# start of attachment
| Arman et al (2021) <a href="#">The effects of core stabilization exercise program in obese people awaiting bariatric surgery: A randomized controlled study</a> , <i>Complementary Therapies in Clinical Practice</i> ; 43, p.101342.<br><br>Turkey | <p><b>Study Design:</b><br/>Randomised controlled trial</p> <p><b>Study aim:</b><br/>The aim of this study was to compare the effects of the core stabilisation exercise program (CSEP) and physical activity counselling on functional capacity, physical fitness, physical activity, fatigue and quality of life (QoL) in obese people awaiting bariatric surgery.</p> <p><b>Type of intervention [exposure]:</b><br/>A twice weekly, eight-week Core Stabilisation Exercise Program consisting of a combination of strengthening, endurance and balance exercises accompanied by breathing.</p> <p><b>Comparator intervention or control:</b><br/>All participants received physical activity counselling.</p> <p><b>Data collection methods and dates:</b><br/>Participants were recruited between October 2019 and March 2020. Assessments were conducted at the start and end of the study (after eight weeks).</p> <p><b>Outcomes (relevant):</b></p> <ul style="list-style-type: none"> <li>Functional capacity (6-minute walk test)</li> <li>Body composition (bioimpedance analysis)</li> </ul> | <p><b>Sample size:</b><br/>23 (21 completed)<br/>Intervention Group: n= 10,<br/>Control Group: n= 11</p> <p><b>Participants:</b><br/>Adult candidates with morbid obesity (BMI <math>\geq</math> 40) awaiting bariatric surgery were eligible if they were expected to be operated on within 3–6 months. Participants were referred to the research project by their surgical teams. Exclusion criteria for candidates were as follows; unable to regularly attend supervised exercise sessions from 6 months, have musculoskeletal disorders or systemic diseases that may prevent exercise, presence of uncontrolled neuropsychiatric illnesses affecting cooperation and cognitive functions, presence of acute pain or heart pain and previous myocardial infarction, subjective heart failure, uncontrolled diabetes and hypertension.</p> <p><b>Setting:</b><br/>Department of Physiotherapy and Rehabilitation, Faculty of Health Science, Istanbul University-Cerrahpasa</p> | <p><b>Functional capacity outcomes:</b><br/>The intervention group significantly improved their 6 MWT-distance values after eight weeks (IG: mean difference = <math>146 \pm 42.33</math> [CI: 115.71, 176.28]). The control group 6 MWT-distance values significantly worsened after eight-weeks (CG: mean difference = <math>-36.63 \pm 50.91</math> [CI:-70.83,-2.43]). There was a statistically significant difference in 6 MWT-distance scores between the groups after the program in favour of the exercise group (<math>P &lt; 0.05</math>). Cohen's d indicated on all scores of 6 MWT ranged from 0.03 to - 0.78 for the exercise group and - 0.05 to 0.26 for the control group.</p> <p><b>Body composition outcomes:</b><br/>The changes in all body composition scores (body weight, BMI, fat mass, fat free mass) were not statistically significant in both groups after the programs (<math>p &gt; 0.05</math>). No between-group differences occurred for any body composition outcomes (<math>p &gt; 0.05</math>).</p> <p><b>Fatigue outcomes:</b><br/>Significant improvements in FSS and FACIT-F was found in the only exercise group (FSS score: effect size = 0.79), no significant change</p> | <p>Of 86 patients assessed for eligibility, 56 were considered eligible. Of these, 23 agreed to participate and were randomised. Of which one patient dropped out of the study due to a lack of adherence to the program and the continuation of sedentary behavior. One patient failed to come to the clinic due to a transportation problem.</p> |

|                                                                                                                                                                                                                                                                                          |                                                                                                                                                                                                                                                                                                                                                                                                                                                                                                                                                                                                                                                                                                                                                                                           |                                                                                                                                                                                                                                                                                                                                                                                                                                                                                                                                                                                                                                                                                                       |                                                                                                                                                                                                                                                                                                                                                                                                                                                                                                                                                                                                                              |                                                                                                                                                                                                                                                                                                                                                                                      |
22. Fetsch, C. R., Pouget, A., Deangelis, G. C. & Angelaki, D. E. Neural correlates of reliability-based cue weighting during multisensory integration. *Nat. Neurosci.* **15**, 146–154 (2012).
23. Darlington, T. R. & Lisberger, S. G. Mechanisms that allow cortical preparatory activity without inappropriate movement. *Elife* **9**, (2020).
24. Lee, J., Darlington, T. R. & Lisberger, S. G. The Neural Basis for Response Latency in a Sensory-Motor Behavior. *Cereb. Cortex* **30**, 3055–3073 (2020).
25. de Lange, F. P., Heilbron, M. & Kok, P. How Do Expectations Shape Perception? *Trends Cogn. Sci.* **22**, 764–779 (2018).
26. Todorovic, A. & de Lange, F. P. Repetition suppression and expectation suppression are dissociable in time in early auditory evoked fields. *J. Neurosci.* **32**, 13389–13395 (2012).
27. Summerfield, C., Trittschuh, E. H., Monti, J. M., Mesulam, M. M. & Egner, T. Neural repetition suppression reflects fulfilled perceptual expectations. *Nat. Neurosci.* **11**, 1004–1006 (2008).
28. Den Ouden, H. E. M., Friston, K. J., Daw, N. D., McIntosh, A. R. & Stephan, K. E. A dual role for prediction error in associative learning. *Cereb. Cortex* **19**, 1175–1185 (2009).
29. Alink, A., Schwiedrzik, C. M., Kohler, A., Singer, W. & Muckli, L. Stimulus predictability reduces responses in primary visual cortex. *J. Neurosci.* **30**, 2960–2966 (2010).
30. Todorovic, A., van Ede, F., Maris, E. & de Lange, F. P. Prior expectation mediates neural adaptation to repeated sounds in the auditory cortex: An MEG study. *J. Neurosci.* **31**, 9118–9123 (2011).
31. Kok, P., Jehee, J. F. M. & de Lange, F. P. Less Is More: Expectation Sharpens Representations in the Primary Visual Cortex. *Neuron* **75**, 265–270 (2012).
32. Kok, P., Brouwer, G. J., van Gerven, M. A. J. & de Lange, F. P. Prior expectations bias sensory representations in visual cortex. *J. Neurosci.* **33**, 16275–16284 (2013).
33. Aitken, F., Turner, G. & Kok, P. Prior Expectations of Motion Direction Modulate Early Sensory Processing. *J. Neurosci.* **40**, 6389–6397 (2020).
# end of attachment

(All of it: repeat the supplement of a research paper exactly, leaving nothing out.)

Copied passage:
| Arman et al (2021) <a href="#">The effects of core stabilization exercise program in obese people awaiting bariatric surgery: A randomized controlled study</a> , <i>Complementary Therapies in Clinical Practice</i> ; 43, p.101342.<br><br>Turkey | <p><b>Study Design:</b><br/>Randomised controlled trial</p> <p><b>Study aim:</b><br/>The aim of this study was to compare the effects of the core stabilisation exercise program (CSEP) and physical activity counselling on functional capacity, physical fitness, physical activity, fatigue and quality of life (QoL) in obese people awaiting bariatric surgery.</p> <p><b>Type of intervention [exposure]:</b><br/>A twice weekly, eight-week Core Stabilisation Exercise Program consisting of a combination of strengthening, endurance and balance exercises accompanied by breathing.</p> <p><b>Comparator intervention or control:</b><br/>All participants received physical activity counselling.</p> <p><b>Data collection methods and dates:</b><br/>Participants were recruited between October 2019 and March 2020. Assessments were conducted at the start and end of the study (after eight weeks).</p> <p><b>Outcomes (relevant):</b></p> <ul style="list-style-type: none"> <li>Functional capacity (6-minute walk test)</li> <li>Body composition (bioimpedance analysis)</li> </ul> | <p><b>Sample size:</b><br/>23 (21 completed)<br/>Intervention Group: n= 10,<br/>Control Group: n= 11</p> <p><b>Participants:</b><br/>Adult candidates with morbid obesity (BMI <math>\geq</math> 40) awaiting bariatric surgery were eligible if they were expected to be operated on within 3–6 months. Participants were referred to the research project by their surgical teams. Exclusion criteria for candidates were as follows; unable to regularly attend supervised exercise sessions from 6 months, have musculoskeletal disorders or systemic diseases that may prevent exercise, presence of uncontrolled neuropsychiatric illnesses affecting cooperation and cognitive functions, presence of acute pain or heart pain and previous myocardial infarction, subjective heart failure, uncontrolled diabetes and hypertension.</p> <p><b>Setting:</b><br/>Department of Physiotherapy and Rehabilitation, Faculty of Health Science, Istanbul University-Cerrahpasa</p> | <p><b>Functional capacity outcomes:</b><br/>The intervention group significantly improved their 6 MWT-distance values after eight weeks (IG: mean difference = <math>146 \pm 42.33</math> [CI: 115.71, 176.28]). The control group 6 MWT-distance values significantly worsened after eight-weeks (CG: mean difference = <math>-36.63 \pm 50.91</math> [CI:-70.83,-2.43]). There was a statistically significant difference in 6 MWT-distance scores between the groups after the program in favour of the exercise group (<math>P &lt; 0.05</math>). Cohen's d indicated on all scores of 6 MWT ranged from 0.03 to - 0.78 for the exercise group and - 0.05 to 0.26 for the control group.</p> <p><b>Body composition outcomes:</b><br/>The changes in all body composition scores (body weight, BMI, fat mass, fat free mass) were not statistically significant in both groups after the programs (<math>p &gt; 0.05</math>). No between-group differences occurred for any body composition outcomes (<math>p &gt; 0.05</math>).</p> <p><b>Fatigue outcomes:</b><br/>Significant improvements in FSS and FACIT-F was found in the only exercise group (FSS score: effect size = 0.79), no significant change</p> | <p>Of 86 patients assessed for eligibility, 56 were considered eligible. Of these, 23 agreed to participate and were randomised. Of which one patient dropped out of the study due to a lack of adherence to the program and the continuation of sedentary behavior. One patient failed to come to the clinic due to a transportation problem.</p> |

|                                                                                                                                                                                                                                                                                          |                                                                                                                                                                                                                                                                                                                                                                                                                                                                                                                                                                                                                                                                                                                                                                                           |                                                                                                                                                                                                                                                                                                                                                                                                                                                                                                                                                                                                                                                                                                       |                                                                                                                                                                                                                                                                                                                                                                                                                                                                                                                                                                                                                              |                                                                                                                                                                                                                                                                                                                                                                                      |
22. Fetsch, C. R., Pouget, A., Deangelis, G. C. & Angelaki, D. E. Neural correlates of reliability-based cue weighting during multisensory integration. *Nat. Neurosci.* **15**, 146–154 (2012).
23. Darlington, T. R. & Lisberger, S. G. Mechanisms that allow cortical preparatory activity without inappropriate movement. *Elife* **9**, (2020).
24. Lee, J., Darlington, T. R. & Lisberger, S. G. The Neural Basis for Response Latency in a Sensory-Motor Behavior. *Cereb. Cortex* **30**, 3055–3073 (2020).
25. de Lange, F. P., Heilbron, M. & Kok, P. How Do Expectations Shape Perception? *Trends Cogn. Sci.* **22**, 764–779 (2018).
26. Todorovic, A. & de Lange, F. P. Repetition suppression and expectation suppression are dissociable in time in early auditory evoked fields. *J. Neurosci.* **32**, 13389–13395 (2012).
27. Summerfield, C., Trittschuh, E. H., Monti, J. M., Mesulam, M. M. & Egner, T. Neural repetition suppression reflects fulfilled perceptual expectations. *Nat. Neurosci.* **11**, 1004–1006 (2008).
28. Den Ouden, H. E. M., Friston, K. J., Daw, N. D., McIntosh, A. R. & Stephan, K. E. A dual role for prediction error in associative learning. *Cereb. Cortex* **19**, 1175–1185 (2009).
29. Alink, A., Schwiedrzik, C. M., Kohler, A., Singer, W. & Muckli, L. Stimulus predictability reduces responses in primary visual cortex. *J. Neurosci.* **30**, 2960–2966 (2010).
30. Todorovic, A., van Ede, F., Maris, E. & de Lange, F. P. Prior expectation mediates neural adaptation to repeated sounds in the auditory cortex: An MEG study. *J. Neurosci.* **31**, 9118–9123 (2011).
31. Kok, P., Jehee, J. F. M. & de Lange, F. P. Less Is More: Expectation Sharpens Representations in the Primary Visual Cortex. *Neuron* **75**, 265–270 (2012).
32. Kok, P., Brouwer, G. J., van Gerven, M. A. J. & de Lange, F. P. Prior expectations bias sensory representations in visual cortex. *J. Neurosci.* **33**, 16275–16284 (2013).
33. Aitken, F., Turner, G. & Kok, P. Prior Expectations of Motion Direction Modulate Early Sensory Processing. *J. Neurosci.* **40**, 6389–6397 (2020).